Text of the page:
We are very happy to share with you an article sent to us from a wonderful Lladro collector in Melbourne Australia. It is a heartwarming account of discovery and exploration into the wonderful world we all know as Lladro Porcleain.
“Lladró has forged a language that goes beyond words. It is a celebration of the best moments of life. Inspired by dreams and fantasy, traditions, literature and art, nature or daily life, there is always a story behind each piece.” From Lladro brochure
Lladró was created in the mid 1950s in the small village of Almácera (near Valencia) but it was in the summer of 1973, while my family was spending a year in Madrid, that I first heard the word “Lladró” – and fell in love.
In a small shop in Madrid, not far from where my mother was born, my parents took me to a special “tienda” where Lladró figurines adorned the shelves. My young heart was filled with joy and knew at a glance there would be a figurine just right for me. I would easily fulfill my quest: to please my Spanish aunties who had given me money for my birthday expecting me to spend it wisely.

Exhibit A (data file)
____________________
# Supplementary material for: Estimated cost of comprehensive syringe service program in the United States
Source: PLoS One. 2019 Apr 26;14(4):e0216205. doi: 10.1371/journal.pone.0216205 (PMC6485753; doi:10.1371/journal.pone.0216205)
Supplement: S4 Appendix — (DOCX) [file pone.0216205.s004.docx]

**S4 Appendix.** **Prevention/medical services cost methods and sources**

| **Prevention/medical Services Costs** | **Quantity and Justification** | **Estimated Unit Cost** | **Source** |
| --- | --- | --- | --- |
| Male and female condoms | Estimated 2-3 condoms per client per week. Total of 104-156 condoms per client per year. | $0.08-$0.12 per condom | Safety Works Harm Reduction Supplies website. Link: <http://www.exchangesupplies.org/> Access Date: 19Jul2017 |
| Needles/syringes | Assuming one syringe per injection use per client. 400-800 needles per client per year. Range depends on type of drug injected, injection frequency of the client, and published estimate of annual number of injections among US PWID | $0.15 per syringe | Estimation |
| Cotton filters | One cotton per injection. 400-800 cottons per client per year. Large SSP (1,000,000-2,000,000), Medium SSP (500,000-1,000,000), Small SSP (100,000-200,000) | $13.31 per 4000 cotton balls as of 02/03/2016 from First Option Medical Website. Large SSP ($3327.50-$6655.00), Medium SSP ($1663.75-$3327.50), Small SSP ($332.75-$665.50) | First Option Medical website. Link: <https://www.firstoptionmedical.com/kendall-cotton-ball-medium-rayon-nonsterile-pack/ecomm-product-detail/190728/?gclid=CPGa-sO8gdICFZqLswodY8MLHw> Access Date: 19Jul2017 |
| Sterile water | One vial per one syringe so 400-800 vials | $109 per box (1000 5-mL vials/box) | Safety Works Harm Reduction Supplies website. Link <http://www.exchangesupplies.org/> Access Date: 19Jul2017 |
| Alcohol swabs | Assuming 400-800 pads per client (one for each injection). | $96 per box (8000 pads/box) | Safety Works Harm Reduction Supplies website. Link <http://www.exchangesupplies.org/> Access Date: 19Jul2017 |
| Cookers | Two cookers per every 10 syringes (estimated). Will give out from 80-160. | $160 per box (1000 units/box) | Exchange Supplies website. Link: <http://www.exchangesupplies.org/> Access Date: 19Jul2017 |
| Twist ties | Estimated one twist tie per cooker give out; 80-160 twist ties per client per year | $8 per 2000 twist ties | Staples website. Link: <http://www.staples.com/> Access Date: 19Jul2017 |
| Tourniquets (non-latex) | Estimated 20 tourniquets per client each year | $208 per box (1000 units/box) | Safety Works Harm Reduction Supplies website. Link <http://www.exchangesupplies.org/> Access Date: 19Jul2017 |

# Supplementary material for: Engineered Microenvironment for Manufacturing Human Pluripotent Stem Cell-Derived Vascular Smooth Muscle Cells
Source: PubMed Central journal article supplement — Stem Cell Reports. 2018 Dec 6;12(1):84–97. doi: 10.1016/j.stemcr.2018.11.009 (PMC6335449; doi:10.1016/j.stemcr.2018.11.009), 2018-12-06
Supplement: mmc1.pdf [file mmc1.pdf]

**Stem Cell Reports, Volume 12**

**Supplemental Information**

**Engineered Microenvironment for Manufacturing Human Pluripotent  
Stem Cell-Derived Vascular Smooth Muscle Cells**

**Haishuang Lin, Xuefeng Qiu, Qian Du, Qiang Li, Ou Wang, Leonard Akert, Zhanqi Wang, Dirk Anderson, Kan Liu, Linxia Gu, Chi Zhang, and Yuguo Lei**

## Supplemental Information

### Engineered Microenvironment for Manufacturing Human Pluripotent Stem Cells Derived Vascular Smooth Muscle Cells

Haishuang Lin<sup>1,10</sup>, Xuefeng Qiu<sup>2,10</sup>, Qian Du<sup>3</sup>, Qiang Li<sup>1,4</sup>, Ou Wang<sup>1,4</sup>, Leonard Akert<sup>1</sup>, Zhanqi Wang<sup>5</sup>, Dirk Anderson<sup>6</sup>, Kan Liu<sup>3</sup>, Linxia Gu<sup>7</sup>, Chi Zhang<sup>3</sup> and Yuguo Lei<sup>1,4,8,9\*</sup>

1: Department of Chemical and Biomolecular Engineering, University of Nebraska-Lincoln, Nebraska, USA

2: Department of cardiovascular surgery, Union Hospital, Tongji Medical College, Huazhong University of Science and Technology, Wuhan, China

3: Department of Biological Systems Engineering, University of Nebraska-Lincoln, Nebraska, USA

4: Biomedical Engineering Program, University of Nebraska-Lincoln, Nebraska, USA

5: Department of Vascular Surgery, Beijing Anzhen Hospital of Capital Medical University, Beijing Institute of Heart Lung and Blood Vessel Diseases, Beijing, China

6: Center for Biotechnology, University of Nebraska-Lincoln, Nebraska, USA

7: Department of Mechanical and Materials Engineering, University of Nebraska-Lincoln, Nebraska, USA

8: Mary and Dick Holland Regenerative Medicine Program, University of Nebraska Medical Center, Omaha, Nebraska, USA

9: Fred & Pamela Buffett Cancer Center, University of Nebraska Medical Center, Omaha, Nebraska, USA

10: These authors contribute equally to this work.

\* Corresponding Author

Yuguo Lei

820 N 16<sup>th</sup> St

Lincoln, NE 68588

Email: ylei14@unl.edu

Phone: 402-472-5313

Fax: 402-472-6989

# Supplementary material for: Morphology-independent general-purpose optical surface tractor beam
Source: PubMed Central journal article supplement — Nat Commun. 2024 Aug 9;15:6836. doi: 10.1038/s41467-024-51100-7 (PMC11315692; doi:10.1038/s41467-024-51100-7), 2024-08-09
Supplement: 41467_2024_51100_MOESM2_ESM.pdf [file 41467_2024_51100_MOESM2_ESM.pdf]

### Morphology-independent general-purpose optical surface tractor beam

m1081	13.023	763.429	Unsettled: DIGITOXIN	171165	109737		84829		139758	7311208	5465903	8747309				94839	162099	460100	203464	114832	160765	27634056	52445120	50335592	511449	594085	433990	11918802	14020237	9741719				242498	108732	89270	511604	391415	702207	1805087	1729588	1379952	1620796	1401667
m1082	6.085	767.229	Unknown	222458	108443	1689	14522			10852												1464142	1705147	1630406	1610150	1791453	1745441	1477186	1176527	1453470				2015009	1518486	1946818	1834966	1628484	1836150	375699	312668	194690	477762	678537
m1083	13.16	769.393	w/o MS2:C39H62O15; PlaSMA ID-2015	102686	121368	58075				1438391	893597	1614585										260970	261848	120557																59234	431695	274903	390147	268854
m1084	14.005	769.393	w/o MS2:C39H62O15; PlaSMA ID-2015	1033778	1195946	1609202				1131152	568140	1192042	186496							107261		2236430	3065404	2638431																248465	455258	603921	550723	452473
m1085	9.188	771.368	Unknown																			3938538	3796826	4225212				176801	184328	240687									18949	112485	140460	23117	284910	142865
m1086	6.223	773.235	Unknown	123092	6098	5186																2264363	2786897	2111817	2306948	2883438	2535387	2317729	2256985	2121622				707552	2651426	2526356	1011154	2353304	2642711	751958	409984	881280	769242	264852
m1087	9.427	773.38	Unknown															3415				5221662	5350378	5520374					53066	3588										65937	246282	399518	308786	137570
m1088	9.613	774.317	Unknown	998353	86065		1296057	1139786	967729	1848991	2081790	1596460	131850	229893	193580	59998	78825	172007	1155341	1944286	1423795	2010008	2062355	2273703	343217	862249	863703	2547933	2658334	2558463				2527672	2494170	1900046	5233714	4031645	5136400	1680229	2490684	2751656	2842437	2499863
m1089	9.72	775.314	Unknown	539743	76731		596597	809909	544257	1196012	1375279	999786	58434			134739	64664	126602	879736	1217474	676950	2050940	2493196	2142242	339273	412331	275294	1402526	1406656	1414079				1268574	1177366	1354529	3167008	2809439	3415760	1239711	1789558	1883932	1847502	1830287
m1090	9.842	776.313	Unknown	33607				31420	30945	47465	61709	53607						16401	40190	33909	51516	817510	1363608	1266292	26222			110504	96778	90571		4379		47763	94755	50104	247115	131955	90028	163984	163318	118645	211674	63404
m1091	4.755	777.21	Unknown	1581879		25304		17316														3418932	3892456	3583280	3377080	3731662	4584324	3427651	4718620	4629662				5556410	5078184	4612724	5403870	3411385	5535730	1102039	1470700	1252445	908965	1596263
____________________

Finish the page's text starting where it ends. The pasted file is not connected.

As soon as my father had helped me with the maths of what I could afford, my mother and I carefully picked our way through porcelain figurines. At the age of eleven, becoming a collector of Lladró porcelain made me feel very important.
But I was overwhelmed with the choices, figurines so exquisite in translucent tones, with features so realistic, even a novice collector like me understood the language of the heart – the language of beauty and craftsmanship.
I tried to narrow down my selection, my small hands gliding over the glossy surfaces of the fine statuettes: a milkmaid shooing away a long-necked goose dipping its beak into her full pail of milk. An elegant Spanish dancer in flowing dress. Cheeky kittens and playful pups, yapping and biting in an exuberant game. A tall and slender girl with a white veil cradled a petite rabbit in her arms – I wanted them all!
I looked around for a blissful while longer and then…
Señorita Burrita – the cutest donkey, with a posy of flowers, spoke straight to my young heart. Each petal of the daisy had stamped in tiny black print the words Sí…no…sí…no…, meaning, he loves me…he loves me not… and I announced to my mother, “This one!”
Burrita enamorada (female donkey in love) was produced and sold in Spain between 1970 and 1985. My Lladró donkey has travelled the world and has survived the move to several homes since those childhood times. My little donkey has taken a place of pride upon a piano, a bookshelf, a guest’s bedside table and, on some occasions, she has sat in the middle of a dinner table surrounded by white daisies with yellow
centers, just like the ones she holds with her proud hoof.
To Be Continued…..
Maribel Steel is a writer and lives in Melbourne, Australia. Her website is: http://www.maribelsteel.com